Rumsfeld resigning

(CBS/AP) Defense Secretary Donald Rumsfeld, architect of an unpopular war in Iraq, is stepping down, President Bush announced Wednesday.

Word comes a day after big Democratic gains in the midterm elections, in which Rumsfeld was a focus of much of the criticism of the Iraq war.

Robert Gates, former head of the CIA, will replace Rumsfeld, Mr. Bush said at a White House news conference.

"Don Rumsfeld was a superb leader during a time of change, and he appreciates a fresh perspective in a critical period in this war," Mr. Bush said.

Mr. Bush called Rumsfeld a "trusted adviser and friend," and said he's "deeply grateful" for his service to the country.

"I recognize that many Americans voted last night to register their displeasure with the lack of progress being made" in Iraq, the president said. "Yet I also believe most Americans – and leaders here in Washington from both political parties – understand we cannot accept defeat."

Asked whether there would be a new direction in a war that has claimed the lives of more than 2,800 U.S. troops and thousands of Iraqis, Mr. Bush replied, "Well, there's certainly going to be new leadership at the Pentagon."

He disclosed he had spoken with Gates last Sunday, two days before congressional elections in which Democrats swept to control of the House of Representatives and possibly the Senate.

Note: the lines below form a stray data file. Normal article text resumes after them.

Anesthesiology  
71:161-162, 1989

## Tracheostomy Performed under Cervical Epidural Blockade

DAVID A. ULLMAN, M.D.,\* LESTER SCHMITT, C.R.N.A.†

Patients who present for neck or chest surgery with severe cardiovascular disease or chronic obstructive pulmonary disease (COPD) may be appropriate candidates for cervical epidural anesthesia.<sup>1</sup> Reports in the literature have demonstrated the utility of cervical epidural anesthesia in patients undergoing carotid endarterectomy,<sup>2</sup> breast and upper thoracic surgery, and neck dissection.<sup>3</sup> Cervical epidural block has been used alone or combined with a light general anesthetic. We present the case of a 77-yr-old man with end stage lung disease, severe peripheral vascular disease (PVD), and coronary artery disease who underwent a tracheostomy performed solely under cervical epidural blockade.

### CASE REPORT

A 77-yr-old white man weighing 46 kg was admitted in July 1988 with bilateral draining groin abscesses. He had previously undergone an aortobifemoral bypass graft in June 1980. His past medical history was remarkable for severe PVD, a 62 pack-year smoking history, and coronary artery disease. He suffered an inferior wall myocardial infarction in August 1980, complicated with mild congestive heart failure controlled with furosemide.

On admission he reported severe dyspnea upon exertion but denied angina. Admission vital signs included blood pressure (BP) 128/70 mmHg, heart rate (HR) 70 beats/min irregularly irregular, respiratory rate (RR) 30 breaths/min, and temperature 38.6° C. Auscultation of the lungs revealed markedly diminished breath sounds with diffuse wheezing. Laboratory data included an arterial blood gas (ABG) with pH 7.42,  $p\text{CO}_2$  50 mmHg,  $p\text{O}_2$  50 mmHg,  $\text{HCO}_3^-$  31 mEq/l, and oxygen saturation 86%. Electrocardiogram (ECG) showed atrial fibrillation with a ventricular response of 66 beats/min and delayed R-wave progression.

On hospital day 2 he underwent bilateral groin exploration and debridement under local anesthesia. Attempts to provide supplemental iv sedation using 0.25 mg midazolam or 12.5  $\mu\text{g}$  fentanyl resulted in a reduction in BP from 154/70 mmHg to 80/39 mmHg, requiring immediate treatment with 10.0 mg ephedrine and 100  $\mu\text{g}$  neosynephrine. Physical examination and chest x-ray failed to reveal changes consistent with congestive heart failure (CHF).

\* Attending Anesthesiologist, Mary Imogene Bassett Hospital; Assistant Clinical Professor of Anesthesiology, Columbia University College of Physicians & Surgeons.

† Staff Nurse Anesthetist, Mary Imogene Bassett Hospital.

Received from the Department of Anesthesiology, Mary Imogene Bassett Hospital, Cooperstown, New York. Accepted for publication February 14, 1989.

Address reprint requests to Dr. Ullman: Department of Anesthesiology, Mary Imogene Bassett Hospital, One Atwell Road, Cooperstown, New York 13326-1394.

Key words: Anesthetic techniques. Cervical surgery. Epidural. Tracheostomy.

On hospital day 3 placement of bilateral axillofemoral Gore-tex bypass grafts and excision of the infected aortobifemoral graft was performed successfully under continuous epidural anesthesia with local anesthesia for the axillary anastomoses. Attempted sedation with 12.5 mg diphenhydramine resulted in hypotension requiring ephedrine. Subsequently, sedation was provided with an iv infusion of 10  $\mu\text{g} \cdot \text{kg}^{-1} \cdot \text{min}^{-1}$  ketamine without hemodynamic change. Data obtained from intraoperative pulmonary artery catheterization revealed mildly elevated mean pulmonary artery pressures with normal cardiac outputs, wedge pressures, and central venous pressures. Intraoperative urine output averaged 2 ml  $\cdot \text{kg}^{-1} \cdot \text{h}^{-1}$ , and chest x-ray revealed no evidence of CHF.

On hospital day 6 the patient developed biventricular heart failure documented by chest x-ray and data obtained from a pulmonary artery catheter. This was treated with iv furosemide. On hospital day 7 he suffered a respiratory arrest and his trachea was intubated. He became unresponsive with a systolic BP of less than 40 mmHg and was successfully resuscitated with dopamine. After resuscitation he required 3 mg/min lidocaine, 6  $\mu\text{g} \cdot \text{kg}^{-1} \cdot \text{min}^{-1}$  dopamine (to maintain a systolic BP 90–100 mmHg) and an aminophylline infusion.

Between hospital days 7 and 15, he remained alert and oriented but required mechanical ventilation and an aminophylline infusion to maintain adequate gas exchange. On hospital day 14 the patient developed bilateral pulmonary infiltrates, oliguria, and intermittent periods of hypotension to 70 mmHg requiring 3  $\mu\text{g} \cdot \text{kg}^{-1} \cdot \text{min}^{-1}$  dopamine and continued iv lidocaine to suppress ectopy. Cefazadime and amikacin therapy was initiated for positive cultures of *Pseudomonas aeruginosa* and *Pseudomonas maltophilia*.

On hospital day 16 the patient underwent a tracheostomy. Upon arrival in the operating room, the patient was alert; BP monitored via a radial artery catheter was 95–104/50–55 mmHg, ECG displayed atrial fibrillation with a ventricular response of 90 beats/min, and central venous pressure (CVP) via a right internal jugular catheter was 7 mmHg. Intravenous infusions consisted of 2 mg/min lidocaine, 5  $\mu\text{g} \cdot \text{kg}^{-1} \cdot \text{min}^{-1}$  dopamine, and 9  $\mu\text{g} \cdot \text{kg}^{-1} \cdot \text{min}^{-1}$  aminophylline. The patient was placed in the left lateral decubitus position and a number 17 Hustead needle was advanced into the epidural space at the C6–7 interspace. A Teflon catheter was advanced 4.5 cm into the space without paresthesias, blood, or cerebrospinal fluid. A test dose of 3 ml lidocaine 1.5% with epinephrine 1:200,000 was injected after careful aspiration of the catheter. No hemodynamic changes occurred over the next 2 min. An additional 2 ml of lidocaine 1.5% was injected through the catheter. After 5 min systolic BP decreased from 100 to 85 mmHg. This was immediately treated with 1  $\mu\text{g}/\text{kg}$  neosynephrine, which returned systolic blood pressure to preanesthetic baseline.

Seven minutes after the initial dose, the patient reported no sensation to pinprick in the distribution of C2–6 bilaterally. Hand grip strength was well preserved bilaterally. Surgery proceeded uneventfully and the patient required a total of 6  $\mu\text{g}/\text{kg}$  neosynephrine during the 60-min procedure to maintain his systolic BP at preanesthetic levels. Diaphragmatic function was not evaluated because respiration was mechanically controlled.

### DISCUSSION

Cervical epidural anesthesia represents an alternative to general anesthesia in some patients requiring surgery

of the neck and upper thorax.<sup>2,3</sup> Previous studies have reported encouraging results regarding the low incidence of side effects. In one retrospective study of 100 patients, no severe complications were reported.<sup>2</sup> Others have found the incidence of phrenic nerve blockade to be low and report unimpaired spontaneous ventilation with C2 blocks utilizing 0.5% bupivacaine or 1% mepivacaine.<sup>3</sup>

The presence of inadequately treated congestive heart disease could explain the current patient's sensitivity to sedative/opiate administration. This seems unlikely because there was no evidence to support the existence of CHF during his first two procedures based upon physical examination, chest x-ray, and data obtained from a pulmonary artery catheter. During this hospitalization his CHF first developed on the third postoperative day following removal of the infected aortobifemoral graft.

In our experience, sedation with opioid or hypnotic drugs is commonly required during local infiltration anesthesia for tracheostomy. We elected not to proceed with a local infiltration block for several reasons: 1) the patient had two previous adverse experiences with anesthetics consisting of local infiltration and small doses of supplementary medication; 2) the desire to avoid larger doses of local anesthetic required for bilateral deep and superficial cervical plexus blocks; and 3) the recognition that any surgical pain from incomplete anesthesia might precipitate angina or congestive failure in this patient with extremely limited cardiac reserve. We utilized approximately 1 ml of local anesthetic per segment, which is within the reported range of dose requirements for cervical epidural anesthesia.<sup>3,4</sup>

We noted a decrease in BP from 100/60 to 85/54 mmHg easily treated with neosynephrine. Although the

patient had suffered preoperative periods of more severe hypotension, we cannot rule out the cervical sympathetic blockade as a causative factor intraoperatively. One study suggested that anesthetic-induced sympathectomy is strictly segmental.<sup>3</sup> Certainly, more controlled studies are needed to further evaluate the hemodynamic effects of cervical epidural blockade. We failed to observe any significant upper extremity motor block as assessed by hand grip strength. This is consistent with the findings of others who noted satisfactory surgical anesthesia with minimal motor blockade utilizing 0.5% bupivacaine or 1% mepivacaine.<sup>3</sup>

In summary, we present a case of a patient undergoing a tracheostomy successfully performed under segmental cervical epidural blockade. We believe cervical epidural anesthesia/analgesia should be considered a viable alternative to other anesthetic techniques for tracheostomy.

"Bob Gates will bring a fresh perspective and great managerial experience," Mr. Bush said.

Democrats have long called for Rumsfeld's resignation, reports CBS News correspondent Bob Fuss, but the president just before the election said he supports Rumsfeld and the way the war in Iraq was conducted and wanted him to stay.

More than twice as many Americans in a CBS News/New York Times poll last month said they had an unfavorable view of Rumsfeld as had a favorable view.

Rumsfeld, 74, was in his second tour of duty as defense chief. He first held the job a generation ago, when he was appointed by President Ford.

Gates is the president of Texas A&M University and a close friend of the Bush family. He served as CIA director for Mr. Bush's father from 1991 until 1993.

Gates first joined the CIA in 1966 and served in the intelligence community for more than a quarter century, under six presidents.

His nomination must be confirmed by the Senate.

Democrats, not surprisingly, reacted positively to the news of Rumsfeld's departure.

"Yesterday’s election was a cry for change and for the first time it looks like the president is listening," said Sen. Chuck Schumer, D-N.Y. "The nomination of a new Department of Defense Secretary is a good first step, and we hope it is a sign that the president is looking toward a new course of action in Iraq."

Senate Majority Leader Bill Frist, R-Tenn., who had intervened in the past to shore up Rumsfeld, issued a statement saying, "Washington must now work together in a bipartisan way – Republicans and Democrats – to outline the path to success in Iraq."

Shortly before the president's announcement, Rep. Nancy Pelosi, D-Calif., who's in line to become the new Speaker of the House, said it was time "to change the civilian leadership at the Pentagon," a reference to growing bipartisan demands that Rumsfeld be replaced.

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